One of my favorite things in the world is a good, civil debate. Ask my wife, and she’ll tell you I can go on for hours though that may not be her favorite thing in the world.
Recently, there is something I’ve noticed more and more about those I debate with. It is also something that keeps being used in our national conversation. It is something we have to watch out for and be careful to identify so as to not use it ourselves. We must beware of the straw man.
For those not familiar, the straw man is a logical fallacy or false argument. It happens when one side presents an argument and the other side refutes a separate argument that may be an exaggerated or misrepresented version of the original. It is done to gain an easy defeat. This is the setting up and knocking down of the straw man.
Right now, one of the biggest topics of debate in the national conversation is the Black Lives Matter movement. With this subject comes our biggest straw man – All Lives Matter.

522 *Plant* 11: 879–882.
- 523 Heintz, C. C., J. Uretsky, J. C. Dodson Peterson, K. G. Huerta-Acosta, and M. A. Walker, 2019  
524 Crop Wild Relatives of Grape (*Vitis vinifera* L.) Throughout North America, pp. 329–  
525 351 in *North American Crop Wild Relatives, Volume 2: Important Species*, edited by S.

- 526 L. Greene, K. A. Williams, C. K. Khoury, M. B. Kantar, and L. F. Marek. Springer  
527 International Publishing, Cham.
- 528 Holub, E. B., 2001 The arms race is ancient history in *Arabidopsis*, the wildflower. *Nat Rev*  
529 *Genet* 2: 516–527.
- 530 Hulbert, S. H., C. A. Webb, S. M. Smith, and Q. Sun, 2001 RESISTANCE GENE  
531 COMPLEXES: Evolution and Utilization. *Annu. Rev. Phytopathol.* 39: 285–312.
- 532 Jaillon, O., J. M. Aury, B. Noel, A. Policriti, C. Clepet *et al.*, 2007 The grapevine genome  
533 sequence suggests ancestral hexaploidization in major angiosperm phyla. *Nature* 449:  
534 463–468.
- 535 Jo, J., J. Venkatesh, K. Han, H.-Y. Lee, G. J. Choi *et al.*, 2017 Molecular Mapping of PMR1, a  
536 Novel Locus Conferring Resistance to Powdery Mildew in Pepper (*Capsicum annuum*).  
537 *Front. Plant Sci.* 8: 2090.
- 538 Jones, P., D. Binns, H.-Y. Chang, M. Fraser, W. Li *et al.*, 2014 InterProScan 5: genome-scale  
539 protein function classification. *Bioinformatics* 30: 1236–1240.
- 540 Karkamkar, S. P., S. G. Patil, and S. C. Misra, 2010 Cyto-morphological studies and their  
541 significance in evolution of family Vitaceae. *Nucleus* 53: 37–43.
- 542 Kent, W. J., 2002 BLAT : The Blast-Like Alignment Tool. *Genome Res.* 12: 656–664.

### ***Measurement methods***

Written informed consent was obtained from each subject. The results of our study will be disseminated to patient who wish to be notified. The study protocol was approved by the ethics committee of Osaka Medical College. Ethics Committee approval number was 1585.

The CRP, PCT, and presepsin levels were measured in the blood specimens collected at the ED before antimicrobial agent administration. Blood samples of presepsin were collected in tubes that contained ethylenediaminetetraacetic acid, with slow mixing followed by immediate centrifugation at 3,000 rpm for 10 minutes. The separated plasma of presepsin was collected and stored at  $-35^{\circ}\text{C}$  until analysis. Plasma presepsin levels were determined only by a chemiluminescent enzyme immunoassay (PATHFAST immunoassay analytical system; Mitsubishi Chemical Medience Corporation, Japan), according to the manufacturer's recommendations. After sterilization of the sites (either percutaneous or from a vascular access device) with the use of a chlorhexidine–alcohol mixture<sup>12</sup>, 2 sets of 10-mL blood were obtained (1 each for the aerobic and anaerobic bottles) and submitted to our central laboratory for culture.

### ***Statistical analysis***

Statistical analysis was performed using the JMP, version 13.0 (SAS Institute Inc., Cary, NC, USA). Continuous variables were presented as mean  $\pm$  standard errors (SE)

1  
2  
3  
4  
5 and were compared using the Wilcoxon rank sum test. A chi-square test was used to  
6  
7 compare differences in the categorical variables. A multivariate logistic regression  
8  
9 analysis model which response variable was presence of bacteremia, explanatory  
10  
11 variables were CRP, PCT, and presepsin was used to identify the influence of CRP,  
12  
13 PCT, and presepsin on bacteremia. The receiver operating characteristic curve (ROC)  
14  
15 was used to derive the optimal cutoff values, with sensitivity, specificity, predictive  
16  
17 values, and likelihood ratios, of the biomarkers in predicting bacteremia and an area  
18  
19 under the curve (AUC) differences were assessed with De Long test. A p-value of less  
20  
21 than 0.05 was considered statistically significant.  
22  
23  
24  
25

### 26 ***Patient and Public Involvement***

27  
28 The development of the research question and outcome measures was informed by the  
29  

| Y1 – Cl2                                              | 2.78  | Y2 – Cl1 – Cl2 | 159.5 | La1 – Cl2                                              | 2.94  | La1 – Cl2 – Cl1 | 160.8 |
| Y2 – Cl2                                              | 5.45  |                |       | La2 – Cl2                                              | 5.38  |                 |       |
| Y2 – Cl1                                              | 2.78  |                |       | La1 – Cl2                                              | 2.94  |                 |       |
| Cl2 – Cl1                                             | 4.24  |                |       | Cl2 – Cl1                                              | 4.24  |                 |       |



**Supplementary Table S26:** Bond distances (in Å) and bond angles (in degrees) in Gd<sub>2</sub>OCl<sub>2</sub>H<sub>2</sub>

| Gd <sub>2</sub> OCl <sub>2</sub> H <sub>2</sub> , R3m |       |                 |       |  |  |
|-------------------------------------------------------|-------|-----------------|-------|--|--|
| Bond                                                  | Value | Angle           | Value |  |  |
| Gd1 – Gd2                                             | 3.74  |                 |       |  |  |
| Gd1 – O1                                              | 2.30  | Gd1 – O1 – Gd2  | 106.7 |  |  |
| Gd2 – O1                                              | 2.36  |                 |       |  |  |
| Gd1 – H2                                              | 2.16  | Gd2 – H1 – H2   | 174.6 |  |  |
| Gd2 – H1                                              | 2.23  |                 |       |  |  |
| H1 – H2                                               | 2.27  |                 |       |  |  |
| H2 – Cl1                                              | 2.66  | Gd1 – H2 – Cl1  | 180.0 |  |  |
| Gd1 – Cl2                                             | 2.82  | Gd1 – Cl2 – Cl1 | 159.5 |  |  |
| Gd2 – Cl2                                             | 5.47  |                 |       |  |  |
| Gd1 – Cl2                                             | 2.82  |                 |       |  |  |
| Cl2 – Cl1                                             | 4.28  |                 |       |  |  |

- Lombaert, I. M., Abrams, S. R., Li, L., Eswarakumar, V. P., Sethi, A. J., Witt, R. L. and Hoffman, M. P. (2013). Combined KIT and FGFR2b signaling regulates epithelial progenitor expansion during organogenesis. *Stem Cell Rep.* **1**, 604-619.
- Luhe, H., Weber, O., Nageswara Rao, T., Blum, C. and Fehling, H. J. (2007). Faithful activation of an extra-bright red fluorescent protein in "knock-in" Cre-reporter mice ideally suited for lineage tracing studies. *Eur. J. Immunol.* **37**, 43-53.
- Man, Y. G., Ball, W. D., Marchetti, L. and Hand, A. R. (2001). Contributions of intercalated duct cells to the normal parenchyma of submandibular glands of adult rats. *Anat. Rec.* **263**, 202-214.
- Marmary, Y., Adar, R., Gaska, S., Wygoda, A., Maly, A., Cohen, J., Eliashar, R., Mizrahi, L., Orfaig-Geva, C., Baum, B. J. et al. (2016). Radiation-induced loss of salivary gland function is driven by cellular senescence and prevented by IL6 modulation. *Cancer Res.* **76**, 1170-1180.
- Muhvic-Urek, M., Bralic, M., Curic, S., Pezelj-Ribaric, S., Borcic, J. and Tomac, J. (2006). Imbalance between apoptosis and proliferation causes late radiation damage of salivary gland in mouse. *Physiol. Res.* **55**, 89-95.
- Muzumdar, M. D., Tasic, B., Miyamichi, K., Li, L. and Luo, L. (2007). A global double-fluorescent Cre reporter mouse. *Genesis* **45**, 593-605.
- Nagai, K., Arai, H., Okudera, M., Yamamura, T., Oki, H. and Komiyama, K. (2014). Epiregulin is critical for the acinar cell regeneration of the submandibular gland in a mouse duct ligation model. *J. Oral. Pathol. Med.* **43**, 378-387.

All Lives Matter is a logical fallacy for the simple fact that it does not address the initial argument. The initial argument is that the justice system is dangerous to and overwhelmingly biased against the black community. The straw man is the response that the movement cares only for the lives within its own race, thus, it is invalid. This response is obviously a distortion of the original claim.
The facts in relation to the initial argument are clear. These are that black men are three times more likely to be killed by the police, six times more likely to be incarcerated, and two times more likely to serve a longer sentence for the same crime. It is plain to see in these statistics that the United States is not that far removed from its dark past. Remember that it has only been 50 years since the civil rights movement, and in terms of societal progression, that is a relatively short amount of time.
When we continue our conversations on this issue – the real, initial issue – let’s do so without building a straw man to knock down. Let’s talk about the real issues that face our fellow citizens in the black community and what we can do to address them.
Reach Matt Moran at 580-482-1221, ext. 2071.